Nearly everyone is familiar with the Y2K problem, and technically-minded Chad’s News readers know of the looming Y2038 issue, but the Y2010 bug (also Y2K+10 or Y2.01K) seems to have caught everyone unaware.
Starting on January 1st, 2010, some computer systems thought the year was 2016. The Bank of Queensland’s EFTPOS system (in Australia) had this problem, and customers were unable to use their credit cards because the cards had “expired.” Many Germans had a similar problem.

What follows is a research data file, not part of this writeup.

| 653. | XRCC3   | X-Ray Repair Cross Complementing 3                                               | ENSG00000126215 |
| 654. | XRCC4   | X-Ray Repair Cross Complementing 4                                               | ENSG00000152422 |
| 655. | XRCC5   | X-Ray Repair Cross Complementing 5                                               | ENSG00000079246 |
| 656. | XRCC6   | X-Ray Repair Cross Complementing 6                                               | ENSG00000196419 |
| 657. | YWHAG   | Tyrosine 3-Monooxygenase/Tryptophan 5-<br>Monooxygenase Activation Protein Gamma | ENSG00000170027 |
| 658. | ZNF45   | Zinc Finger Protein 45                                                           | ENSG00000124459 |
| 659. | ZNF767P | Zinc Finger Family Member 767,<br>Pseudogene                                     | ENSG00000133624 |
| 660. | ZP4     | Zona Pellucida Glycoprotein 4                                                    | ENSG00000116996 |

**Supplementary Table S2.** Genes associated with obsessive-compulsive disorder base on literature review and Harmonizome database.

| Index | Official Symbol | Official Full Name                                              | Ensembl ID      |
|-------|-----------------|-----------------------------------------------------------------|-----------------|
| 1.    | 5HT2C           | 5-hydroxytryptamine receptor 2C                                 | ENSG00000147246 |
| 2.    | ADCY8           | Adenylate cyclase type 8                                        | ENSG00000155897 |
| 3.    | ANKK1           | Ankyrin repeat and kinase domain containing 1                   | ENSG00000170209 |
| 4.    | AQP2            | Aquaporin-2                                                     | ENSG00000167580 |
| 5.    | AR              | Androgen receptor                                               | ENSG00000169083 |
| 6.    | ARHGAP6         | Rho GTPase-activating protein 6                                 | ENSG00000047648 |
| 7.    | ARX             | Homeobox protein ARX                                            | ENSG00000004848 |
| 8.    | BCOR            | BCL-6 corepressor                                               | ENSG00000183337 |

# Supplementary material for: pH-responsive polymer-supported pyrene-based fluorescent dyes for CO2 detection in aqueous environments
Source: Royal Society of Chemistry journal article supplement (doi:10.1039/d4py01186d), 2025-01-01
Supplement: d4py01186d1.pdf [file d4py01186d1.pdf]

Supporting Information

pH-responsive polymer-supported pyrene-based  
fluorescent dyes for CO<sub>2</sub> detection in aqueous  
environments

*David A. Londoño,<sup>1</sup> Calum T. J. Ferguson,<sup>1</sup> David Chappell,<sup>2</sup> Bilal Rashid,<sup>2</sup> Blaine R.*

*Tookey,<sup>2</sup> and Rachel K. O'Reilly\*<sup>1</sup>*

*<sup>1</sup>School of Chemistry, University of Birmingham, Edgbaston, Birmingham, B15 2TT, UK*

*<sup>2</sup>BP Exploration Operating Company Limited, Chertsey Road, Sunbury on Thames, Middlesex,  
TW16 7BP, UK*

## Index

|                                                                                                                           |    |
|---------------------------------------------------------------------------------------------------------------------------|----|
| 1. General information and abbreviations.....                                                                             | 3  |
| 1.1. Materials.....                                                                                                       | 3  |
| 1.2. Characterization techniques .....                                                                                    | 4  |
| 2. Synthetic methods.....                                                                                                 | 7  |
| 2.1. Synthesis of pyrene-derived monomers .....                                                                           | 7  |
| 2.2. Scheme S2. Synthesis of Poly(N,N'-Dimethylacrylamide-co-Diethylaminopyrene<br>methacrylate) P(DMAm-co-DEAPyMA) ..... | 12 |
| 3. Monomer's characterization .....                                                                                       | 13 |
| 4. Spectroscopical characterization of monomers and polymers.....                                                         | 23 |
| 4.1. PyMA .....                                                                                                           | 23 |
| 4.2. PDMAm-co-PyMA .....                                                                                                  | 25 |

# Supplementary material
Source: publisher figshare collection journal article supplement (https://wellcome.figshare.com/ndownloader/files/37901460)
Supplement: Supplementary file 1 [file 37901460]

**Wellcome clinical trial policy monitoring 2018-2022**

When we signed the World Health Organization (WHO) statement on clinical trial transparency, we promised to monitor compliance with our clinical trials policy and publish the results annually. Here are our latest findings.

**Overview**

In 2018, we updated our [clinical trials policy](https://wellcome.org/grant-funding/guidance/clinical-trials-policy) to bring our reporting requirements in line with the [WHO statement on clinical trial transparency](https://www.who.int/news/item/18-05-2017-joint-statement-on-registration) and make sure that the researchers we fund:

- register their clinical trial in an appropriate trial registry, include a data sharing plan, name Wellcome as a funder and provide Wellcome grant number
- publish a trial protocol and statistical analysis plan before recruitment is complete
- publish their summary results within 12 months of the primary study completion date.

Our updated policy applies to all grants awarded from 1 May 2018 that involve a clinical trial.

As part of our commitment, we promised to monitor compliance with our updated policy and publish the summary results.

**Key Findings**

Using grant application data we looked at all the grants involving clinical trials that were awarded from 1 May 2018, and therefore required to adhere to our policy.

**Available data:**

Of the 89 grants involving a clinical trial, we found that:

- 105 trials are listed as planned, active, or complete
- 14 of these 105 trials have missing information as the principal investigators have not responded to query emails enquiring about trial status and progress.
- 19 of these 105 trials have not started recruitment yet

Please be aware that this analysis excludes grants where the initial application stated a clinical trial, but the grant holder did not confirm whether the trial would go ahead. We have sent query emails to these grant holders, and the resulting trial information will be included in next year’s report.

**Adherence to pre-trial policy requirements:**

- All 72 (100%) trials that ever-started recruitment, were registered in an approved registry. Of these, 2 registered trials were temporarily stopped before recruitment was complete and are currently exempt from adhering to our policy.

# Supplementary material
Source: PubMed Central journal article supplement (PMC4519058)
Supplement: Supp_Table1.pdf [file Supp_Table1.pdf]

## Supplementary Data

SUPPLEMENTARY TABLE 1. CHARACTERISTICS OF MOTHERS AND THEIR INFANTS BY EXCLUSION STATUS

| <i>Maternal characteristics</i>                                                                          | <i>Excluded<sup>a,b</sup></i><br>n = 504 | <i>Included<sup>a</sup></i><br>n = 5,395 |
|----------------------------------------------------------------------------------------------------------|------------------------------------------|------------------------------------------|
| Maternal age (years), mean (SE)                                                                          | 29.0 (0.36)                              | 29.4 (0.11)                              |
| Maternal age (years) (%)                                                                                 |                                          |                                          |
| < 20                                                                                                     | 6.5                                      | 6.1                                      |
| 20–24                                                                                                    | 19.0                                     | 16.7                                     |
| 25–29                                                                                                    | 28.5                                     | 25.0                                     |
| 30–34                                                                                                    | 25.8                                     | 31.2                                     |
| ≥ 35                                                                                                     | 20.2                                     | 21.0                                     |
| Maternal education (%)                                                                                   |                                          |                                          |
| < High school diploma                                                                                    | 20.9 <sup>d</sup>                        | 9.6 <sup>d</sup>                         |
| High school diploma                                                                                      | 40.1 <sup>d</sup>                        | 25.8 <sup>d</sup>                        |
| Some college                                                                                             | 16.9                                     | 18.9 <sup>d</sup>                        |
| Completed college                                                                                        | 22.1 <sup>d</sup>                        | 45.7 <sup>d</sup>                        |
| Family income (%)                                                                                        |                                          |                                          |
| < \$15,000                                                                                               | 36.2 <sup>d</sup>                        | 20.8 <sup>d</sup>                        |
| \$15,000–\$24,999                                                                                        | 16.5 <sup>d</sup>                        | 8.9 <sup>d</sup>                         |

Most computer scientists will figure this one out at first glance (although that didn’t happen here at Chad’s News). Just looking at the last two digits of the years, 10 and 16, should make the problem obvious. The bug was caused by the use of a fairly obscure numbering system known as binary coded decimal (BCD), where each digit of a base-10 decimal number is represented in base-16 (hexadecimal). So a hexadecimal 10, which is normally a decimal 16, is considered to be a decimal 10 instead. The code that failed did not understand this fact and treated the hex 10 as a decimal 16—thus the change from 2010 to 2016.